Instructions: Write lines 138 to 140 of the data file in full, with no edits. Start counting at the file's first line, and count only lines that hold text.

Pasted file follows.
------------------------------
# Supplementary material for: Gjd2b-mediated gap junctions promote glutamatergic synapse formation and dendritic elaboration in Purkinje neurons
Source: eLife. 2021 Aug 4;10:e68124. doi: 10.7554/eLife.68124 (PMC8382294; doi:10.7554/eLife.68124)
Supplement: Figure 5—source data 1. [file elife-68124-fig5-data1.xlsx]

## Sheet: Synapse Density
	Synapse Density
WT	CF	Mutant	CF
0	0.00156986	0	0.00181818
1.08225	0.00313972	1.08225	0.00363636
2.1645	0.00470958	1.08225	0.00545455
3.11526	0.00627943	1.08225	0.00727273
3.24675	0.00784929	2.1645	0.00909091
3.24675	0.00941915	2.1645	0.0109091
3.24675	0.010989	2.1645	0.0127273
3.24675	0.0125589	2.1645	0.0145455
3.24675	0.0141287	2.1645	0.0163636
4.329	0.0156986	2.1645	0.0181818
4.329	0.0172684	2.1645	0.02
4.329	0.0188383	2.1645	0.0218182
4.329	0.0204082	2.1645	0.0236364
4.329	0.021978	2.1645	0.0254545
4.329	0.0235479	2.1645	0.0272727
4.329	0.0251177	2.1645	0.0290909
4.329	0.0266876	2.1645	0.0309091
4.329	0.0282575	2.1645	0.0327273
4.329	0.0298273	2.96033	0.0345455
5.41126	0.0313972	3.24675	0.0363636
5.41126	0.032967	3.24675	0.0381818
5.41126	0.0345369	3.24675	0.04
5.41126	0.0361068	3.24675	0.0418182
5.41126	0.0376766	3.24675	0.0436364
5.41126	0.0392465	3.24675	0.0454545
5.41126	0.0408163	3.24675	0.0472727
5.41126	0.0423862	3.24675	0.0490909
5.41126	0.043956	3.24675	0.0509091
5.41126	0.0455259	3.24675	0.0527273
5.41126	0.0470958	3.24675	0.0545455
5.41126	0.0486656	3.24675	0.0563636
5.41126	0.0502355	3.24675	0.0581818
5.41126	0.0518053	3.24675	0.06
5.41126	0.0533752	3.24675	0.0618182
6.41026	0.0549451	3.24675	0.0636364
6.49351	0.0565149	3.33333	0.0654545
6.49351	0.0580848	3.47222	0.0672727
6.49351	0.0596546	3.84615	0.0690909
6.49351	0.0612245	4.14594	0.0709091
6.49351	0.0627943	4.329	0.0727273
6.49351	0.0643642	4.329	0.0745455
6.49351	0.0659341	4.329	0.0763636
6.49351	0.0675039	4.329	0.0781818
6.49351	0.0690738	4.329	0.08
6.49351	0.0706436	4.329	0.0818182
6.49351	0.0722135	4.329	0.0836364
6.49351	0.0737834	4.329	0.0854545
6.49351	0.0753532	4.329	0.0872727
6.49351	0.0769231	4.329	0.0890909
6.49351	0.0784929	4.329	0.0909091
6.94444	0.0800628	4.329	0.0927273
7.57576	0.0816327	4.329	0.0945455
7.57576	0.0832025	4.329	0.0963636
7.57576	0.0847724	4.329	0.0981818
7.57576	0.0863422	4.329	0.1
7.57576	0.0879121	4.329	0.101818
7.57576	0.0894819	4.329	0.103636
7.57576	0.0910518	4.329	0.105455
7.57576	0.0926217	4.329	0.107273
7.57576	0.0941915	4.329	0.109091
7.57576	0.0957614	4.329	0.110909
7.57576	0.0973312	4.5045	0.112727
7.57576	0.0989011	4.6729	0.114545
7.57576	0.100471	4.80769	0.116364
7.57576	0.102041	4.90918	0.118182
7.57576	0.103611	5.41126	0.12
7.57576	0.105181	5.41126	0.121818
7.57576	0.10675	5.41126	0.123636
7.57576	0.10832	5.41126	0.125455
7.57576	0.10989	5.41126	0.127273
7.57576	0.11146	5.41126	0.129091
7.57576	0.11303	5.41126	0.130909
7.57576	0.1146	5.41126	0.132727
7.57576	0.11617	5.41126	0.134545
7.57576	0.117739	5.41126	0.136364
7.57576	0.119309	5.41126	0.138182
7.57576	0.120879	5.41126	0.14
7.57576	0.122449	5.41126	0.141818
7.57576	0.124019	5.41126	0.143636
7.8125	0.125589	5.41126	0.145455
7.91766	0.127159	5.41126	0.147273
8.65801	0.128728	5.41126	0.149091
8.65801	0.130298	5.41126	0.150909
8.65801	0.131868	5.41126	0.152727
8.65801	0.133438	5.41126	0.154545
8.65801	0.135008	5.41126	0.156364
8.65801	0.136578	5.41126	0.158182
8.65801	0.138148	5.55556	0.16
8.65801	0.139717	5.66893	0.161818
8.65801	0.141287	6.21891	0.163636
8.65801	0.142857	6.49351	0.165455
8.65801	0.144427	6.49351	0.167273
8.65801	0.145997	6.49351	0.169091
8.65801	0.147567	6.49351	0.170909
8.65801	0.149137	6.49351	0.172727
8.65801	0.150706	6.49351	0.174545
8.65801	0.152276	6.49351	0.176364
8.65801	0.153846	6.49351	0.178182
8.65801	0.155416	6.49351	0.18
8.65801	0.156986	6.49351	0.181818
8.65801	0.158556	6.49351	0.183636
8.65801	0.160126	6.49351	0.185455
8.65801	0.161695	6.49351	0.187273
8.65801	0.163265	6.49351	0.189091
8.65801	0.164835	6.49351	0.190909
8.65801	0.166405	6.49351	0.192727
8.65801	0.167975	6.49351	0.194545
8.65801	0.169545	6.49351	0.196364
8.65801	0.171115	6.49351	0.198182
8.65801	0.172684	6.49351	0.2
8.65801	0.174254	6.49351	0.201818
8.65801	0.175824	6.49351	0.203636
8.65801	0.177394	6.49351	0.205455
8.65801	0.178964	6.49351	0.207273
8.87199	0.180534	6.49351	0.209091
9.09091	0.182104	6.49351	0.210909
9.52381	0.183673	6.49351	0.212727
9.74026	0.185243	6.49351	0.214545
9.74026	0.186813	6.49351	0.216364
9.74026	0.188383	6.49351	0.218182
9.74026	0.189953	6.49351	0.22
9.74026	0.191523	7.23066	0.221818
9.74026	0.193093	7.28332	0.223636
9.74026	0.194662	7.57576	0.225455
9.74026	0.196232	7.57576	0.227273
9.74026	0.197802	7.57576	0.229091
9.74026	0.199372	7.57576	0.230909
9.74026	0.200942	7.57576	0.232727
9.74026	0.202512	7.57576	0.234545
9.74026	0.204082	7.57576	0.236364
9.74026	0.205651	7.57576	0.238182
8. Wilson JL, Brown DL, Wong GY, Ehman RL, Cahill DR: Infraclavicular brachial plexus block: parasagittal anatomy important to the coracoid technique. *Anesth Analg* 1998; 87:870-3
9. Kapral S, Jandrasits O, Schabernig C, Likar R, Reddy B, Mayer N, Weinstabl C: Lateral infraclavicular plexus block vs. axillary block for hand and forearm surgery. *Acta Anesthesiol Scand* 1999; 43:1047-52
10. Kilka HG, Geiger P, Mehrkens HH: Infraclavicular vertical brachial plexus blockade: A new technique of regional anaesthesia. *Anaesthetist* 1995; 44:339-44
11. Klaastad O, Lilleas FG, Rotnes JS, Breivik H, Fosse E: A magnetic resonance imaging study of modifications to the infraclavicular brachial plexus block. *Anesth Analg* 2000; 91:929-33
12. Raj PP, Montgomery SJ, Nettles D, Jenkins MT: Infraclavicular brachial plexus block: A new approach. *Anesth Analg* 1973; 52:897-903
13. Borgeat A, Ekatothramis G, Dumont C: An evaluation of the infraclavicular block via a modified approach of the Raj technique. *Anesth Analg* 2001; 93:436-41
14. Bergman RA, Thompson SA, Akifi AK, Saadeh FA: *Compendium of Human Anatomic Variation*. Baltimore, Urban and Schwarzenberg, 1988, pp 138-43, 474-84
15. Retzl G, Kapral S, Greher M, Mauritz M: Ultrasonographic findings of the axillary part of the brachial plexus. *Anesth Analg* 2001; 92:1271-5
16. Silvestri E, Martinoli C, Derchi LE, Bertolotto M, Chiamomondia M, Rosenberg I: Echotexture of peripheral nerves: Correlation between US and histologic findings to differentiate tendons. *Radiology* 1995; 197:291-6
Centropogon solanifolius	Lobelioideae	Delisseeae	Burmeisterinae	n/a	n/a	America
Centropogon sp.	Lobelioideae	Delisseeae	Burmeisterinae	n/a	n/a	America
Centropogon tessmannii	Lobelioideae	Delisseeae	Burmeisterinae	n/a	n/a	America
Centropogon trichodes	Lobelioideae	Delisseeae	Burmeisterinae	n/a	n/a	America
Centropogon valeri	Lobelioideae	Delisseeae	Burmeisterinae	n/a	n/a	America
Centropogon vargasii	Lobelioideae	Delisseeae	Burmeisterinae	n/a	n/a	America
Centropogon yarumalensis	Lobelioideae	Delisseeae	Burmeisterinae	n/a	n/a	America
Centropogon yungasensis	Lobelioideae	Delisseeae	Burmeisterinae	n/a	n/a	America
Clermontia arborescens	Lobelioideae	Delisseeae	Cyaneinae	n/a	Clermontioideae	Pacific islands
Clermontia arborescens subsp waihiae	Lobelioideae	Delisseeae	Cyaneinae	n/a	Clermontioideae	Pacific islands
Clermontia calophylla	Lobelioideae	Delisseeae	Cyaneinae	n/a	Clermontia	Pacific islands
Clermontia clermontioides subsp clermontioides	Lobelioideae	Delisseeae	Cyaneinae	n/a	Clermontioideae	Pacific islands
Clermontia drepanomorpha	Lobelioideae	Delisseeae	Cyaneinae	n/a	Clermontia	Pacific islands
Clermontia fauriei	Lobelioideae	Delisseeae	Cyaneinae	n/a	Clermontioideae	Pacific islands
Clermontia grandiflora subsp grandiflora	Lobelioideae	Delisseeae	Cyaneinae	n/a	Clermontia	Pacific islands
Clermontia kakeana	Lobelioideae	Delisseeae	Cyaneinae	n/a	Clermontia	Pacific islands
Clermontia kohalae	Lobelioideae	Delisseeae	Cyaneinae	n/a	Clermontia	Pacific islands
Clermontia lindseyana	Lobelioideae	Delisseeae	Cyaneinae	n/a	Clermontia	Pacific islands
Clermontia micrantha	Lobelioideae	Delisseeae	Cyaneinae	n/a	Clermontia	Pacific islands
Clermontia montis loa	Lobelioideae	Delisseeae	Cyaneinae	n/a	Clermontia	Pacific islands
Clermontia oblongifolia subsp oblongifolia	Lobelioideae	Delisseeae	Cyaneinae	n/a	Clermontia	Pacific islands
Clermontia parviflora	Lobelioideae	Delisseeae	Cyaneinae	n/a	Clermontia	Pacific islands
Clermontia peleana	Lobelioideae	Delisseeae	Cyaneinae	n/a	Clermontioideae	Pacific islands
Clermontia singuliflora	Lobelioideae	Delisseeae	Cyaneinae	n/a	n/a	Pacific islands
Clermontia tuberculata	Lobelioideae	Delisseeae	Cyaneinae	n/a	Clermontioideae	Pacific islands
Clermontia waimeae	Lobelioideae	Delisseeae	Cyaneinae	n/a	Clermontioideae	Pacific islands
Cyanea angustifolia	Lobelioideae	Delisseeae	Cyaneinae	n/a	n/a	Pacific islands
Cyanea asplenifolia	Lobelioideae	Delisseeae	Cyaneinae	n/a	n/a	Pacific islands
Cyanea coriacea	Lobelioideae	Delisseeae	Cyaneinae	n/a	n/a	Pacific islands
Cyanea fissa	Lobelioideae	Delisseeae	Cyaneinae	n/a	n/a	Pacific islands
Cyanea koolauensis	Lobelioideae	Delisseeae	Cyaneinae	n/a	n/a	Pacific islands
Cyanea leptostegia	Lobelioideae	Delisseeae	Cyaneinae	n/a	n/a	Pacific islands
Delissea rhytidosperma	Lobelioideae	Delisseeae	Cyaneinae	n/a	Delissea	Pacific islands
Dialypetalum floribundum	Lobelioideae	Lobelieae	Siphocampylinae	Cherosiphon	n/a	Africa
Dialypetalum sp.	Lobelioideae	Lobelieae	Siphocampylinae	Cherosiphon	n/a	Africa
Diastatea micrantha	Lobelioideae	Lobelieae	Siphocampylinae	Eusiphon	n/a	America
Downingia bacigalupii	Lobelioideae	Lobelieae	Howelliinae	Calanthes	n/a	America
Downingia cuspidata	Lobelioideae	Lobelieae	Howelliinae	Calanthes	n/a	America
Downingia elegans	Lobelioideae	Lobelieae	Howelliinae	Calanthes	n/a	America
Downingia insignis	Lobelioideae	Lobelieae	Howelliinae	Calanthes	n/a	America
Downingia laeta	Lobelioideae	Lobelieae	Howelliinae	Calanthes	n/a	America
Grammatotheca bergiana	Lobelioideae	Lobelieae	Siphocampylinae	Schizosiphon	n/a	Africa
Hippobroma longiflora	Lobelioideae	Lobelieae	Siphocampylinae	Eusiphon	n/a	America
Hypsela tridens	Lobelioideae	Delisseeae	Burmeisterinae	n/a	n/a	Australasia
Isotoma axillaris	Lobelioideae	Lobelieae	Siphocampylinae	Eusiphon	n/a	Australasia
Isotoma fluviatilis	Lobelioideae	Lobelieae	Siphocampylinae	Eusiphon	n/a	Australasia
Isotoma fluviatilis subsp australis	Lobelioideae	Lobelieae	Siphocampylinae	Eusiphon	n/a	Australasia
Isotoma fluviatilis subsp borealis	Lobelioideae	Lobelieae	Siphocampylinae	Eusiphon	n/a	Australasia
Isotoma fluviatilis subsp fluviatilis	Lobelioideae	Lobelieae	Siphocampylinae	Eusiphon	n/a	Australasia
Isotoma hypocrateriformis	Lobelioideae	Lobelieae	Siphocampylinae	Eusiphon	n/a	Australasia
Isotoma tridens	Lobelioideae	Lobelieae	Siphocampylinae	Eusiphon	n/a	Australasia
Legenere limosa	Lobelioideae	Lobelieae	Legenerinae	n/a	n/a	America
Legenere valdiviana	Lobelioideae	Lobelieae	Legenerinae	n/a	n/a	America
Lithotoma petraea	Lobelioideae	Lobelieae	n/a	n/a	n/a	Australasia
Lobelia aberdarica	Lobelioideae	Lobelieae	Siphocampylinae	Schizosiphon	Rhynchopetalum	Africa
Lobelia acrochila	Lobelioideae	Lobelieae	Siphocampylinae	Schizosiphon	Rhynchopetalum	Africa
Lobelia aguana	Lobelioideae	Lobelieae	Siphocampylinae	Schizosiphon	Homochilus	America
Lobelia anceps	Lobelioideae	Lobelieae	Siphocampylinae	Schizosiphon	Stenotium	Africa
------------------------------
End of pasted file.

8. Wilson JL, Brown DL, Wong GY, Ehman RL, Cahill DR: Infraclavicular brachial plexus block: parasagittal anatomy important to the coracoid technique. *Anesth Analg* 1998; 87:870-3
9. Kapral S, Jandrasits O, Schabernig C, Likar R, Reddy B, Mayer N, Weinstabl C: Lateral infraclavicular plexus block vs. axillary block for hand and forearm surgery. *Acta Anesthesiol Scand* 1999; 43:1047-52
10. Kilka HG, Geiger P, Mehrkens HH: Infraclavicular vertical brachial plexus blockade: A new technique of regional anaesthesia. *Anaesthetist* 1995; 44:339-44